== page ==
JamesNicoll: Are you sure about Ellesmere? I had always read that people did live there, but only around the edges, close to the water. (As is true of virtually everywhere the Inuit were.)

  25. JamesNicoll says

    “JamesNicoll: Are you sure about Ellesmere?”

    I am always sure. The question is “am I right”?

    I may have been too sweeping: Grise Ford was settled in the 1950s by the Canadian government to demonstrate our sovereignity in the region.

  26. El Juno says

    Well, fundamentalist Christians or not, I’ve found there to be a strong strain of certain forms of denial (though I’m not QUITE sure what to call it…) among at least some Indians, though the theory they object to specifically is the Bering Strait land bridge one, which was apparently made up by the white man so that he didn’t have to feel bad about stealing Indian land (because if the Indians came here, as well, they had no better claim than the Europeans, or something).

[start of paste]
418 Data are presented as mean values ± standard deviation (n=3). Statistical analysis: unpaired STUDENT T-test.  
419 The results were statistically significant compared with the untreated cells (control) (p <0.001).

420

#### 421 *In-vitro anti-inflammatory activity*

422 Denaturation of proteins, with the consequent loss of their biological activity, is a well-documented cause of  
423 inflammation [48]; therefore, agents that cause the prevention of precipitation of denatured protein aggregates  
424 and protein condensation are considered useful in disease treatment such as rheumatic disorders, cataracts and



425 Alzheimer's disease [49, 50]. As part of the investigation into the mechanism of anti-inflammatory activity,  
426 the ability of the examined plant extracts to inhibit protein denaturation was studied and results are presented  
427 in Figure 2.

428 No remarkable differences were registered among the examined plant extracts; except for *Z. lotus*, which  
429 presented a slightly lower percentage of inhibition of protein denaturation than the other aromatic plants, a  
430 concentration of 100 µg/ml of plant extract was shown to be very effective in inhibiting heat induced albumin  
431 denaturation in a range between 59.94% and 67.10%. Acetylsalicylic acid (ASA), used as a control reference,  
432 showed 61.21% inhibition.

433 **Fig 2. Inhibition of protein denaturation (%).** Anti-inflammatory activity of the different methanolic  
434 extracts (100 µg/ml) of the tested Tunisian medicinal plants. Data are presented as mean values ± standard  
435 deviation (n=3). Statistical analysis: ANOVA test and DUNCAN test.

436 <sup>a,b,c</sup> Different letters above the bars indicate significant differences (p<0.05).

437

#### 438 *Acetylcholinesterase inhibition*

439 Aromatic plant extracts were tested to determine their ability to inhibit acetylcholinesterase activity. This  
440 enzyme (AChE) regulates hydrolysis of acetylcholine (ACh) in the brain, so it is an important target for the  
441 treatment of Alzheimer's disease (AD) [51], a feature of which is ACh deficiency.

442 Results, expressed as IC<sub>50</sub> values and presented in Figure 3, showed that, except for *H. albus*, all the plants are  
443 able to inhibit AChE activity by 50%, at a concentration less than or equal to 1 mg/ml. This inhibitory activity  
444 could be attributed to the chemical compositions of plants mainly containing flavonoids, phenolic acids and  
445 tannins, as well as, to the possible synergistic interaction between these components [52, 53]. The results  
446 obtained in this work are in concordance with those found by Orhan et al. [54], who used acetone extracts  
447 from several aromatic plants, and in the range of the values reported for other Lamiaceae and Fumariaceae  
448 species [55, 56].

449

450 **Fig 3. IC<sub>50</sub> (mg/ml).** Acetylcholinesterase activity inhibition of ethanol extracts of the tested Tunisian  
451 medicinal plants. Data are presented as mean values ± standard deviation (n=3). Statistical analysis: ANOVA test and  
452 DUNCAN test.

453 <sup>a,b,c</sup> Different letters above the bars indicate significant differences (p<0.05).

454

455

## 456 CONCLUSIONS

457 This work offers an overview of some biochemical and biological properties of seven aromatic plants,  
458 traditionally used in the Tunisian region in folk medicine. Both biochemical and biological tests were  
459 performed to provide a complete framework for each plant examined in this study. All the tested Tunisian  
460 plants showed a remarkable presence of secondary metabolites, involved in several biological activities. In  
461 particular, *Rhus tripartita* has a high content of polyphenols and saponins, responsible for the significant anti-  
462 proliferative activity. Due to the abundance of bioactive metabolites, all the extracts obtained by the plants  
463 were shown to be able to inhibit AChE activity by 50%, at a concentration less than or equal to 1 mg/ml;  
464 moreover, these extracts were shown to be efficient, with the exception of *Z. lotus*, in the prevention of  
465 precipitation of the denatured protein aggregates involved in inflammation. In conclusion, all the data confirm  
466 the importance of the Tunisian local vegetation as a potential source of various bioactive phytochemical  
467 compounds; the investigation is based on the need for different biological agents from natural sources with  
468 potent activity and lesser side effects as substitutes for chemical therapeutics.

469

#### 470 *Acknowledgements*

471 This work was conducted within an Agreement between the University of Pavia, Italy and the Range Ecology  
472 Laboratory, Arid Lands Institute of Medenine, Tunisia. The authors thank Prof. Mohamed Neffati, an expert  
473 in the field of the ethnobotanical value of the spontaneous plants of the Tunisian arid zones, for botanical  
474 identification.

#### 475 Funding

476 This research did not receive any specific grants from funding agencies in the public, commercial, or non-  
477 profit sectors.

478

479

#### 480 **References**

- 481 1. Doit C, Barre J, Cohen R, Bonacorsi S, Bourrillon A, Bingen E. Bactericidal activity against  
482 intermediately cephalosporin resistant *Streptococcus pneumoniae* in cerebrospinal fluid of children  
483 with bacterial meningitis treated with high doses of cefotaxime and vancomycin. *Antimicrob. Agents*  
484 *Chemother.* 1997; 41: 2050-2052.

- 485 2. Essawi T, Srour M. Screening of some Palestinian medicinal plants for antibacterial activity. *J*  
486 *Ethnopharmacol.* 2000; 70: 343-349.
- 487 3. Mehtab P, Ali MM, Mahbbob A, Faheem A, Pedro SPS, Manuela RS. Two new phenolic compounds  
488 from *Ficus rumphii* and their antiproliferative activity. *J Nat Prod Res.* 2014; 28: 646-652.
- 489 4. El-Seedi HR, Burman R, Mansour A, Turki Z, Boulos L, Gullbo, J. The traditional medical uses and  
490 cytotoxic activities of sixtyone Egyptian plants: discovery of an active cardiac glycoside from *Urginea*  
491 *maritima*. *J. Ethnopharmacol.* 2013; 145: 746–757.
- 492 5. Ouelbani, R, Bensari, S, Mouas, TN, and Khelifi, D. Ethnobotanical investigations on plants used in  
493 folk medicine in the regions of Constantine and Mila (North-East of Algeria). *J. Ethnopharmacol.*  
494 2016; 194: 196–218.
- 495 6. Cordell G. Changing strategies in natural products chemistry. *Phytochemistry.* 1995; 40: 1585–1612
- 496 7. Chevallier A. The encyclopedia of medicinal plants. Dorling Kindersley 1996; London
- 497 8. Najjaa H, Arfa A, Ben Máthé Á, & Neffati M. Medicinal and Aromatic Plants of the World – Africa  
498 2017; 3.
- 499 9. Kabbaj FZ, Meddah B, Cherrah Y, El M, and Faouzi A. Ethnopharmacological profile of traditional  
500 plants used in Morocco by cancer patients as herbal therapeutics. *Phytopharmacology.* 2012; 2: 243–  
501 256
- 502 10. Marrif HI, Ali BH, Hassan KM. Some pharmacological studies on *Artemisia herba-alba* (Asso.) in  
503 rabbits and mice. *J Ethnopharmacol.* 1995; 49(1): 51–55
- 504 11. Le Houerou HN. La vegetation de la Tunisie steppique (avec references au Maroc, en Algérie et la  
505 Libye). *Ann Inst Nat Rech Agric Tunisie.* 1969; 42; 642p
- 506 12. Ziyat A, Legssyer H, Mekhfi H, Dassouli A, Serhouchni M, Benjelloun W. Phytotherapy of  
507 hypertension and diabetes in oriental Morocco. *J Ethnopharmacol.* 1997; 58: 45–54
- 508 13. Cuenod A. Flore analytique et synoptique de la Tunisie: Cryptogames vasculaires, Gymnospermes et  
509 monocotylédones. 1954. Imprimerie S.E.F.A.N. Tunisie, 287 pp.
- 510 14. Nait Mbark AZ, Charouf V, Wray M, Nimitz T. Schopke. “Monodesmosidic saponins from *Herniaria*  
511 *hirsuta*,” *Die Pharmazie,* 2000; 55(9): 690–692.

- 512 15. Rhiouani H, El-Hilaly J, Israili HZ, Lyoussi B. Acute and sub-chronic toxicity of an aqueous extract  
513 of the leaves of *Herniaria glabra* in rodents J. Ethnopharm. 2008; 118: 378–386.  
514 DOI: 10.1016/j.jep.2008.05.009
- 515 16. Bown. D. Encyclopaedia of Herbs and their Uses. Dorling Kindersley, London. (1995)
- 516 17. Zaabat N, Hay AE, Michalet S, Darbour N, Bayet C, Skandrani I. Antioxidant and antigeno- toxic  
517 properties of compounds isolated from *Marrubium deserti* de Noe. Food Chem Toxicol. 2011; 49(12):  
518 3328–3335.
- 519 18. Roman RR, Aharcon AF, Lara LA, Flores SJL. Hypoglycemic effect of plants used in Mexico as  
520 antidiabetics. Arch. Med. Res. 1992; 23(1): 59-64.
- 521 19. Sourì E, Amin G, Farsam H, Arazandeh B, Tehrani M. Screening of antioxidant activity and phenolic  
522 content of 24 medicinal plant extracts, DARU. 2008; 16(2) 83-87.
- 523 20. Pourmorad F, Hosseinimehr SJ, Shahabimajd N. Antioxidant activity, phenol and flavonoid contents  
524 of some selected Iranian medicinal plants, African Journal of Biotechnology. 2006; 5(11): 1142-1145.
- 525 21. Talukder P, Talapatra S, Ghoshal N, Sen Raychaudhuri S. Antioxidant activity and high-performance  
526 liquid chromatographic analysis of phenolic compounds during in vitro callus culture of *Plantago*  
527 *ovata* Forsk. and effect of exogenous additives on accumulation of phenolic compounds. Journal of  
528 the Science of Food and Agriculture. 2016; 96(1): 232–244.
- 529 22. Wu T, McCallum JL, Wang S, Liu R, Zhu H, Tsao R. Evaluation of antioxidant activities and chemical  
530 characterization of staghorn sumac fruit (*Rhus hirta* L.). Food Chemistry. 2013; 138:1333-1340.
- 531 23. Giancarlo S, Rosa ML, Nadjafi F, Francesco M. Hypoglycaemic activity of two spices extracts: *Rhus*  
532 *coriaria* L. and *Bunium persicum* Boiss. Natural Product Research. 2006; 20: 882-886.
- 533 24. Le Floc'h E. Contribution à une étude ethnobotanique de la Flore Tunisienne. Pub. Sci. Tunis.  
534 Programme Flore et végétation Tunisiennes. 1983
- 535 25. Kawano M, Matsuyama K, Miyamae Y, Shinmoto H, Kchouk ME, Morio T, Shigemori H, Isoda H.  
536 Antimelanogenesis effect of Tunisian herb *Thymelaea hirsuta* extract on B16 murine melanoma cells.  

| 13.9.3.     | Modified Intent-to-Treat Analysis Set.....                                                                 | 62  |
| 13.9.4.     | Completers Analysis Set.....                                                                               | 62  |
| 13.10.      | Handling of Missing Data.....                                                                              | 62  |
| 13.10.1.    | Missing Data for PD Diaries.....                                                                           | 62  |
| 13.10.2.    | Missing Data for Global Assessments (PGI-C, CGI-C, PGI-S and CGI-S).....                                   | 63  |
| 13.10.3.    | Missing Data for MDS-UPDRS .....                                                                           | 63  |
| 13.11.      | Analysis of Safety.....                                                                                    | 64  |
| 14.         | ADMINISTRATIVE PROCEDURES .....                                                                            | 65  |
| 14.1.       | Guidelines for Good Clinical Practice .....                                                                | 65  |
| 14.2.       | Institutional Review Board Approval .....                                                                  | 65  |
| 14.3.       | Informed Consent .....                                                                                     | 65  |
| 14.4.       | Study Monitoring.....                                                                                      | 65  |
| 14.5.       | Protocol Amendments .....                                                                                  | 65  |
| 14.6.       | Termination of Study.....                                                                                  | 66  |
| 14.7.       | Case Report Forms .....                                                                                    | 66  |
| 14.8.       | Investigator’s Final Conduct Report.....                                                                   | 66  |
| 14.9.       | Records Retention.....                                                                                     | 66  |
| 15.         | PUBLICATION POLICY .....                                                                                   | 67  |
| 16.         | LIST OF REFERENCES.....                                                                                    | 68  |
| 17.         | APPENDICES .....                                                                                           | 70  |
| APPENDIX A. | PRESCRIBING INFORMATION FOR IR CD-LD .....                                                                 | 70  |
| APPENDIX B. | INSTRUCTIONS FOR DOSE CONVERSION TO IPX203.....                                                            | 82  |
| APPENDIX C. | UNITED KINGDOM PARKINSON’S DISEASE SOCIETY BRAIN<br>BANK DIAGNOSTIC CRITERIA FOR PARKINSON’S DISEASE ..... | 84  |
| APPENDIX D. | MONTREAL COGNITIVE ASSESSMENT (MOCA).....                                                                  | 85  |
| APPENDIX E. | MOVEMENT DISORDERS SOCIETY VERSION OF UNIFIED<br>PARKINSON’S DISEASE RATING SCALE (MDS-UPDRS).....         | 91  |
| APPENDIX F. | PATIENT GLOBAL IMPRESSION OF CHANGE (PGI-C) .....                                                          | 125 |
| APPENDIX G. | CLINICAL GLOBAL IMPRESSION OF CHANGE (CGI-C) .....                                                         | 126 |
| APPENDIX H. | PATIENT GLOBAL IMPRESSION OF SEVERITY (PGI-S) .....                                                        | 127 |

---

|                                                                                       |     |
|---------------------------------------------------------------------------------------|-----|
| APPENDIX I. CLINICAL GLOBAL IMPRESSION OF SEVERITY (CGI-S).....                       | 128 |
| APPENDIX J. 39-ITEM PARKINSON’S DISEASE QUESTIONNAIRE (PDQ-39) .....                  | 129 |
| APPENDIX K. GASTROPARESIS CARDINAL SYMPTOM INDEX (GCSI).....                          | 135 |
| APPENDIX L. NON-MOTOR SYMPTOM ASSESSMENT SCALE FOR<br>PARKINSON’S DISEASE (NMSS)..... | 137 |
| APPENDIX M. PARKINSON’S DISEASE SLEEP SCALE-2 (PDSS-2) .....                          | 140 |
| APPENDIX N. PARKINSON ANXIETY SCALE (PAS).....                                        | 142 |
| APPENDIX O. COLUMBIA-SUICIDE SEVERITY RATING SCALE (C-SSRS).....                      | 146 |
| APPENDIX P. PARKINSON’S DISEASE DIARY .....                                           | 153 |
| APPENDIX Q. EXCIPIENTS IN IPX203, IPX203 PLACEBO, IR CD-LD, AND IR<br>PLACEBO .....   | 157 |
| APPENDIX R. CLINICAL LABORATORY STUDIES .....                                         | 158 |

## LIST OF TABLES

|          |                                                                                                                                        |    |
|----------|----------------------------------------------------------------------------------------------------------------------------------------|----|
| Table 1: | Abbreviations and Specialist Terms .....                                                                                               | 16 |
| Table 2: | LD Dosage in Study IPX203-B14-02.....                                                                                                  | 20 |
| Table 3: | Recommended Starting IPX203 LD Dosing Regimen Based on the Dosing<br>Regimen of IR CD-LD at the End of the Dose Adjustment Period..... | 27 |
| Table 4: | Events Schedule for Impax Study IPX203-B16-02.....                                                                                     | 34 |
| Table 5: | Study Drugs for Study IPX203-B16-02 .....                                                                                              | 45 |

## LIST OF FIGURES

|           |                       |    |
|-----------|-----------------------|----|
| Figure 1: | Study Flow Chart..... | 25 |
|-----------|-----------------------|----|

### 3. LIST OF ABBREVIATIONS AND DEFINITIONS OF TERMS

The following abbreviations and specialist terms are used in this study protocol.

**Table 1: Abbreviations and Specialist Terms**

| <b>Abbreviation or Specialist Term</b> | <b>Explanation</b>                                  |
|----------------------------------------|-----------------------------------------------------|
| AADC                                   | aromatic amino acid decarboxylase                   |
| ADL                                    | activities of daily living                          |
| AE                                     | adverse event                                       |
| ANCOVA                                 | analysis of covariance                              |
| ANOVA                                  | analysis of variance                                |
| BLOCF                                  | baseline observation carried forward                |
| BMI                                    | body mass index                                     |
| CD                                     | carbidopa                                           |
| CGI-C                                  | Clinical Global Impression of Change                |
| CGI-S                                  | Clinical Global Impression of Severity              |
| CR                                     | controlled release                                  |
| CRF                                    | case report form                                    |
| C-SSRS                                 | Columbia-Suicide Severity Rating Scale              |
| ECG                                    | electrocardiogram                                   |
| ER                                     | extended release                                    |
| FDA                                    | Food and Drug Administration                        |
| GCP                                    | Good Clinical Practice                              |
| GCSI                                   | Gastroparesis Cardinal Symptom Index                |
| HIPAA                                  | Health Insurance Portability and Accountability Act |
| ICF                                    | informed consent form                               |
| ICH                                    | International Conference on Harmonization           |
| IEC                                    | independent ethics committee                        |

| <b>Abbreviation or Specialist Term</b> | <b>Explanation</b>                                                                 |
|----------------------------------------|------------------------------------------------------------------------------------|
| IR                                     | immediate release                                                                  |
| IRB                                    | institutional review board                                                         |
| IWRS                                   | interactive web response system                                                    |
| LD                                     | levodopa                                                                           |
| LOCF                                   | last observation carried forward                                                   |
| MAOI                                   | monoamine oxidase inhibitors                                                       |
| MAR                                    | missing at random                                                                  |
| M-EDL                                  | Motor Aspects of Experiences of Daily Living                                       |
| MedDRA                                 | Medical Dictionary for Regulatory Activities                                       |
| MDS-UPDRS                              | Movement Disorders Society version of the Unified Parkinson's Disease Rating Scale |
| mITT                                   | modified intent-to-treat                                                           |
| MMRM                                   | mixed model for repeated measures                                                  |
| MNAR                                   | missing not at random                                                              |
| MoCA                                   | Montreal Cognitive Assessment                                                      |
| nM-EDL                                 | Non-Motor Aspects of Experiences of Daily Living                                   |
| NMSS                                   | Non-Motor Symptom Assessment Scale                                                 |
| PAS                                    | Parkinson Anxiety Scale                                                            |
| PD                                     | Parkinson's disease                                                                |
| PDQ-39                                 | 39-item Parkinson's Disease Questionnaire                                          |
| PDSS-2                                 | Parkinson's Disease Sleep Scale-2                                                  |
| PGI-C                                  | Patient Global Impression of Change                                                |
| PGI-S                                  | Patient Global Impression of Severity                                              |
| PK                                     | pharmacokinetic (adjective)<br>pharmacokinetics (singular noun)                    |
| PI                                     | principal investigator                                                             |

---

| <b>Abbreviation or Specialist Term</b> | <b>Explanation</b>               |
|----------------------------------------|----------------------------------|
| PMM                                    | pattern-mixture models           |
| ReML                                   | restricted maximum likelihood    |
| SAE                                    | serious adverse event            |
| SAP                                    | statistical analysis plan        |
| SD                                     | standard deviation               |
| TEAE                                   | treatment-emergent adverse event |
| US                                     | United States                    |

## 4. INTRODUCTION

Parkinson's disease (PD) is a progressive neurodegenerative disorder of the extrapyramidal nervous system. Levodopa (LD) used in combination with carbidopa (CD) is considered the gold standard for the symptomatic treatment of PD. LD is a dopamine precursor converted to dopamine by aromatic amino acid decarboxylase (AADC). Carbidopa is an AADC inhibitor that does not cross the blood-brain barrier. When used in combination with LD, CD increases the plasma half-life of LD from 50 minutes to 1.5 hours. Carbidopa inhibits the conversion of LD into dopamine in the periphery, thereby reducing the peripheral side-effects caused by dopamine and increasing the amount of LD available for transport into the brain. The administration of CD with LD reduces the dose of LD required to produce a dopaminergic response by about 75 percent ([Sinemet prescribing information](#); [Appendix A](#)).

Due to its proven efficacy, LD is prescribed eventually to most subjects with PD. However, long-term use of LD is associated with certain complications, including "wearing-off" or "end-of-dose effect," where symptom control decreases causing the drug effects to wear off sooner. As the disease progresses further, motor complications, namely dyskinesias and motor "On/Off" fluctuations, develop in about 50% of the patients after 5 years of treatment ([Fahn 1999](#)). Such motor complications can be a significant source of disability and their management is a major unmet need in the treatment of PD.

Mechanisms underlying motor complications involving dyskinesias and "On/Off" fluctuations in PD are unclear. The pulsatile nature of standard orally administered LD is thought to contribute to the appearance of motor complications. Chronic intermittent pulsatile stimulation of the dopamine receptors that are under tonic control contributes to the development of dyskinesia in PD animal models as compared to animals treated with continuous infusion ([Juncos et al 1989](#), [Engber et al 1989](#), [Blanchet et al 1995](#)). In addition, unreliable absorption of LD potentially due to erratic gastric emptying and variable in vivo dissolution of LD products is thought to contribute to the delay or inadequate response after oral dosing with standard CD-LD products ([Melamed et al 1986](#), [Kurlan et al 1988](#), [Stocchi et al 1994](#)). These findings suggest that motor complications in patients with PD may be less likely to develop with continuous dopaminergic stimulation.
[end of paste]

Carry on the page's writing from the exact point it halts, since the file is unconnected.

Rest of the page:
I’ve had it strongly implied to me by at least one of my relatives that the fact that I ‘believe in that bullshit’ is proof of the corrupting influence of one or all of the following…

    1. Having a white mother
    2. Being blond (when it comes to passing socitially, I lucked out on the recessive genes lotto)
    3. Growing up away from the tribe/not in Oklahoma/in New England.

  27. El Juno says

    s/socitially/societally. I swear to God, my spelling’s gone to Hell lately.

  28. says

    I keep trying to believe that, contrary to what Einstein said, human stupidity is finite. Then PZ shows me someone adding 1 to it.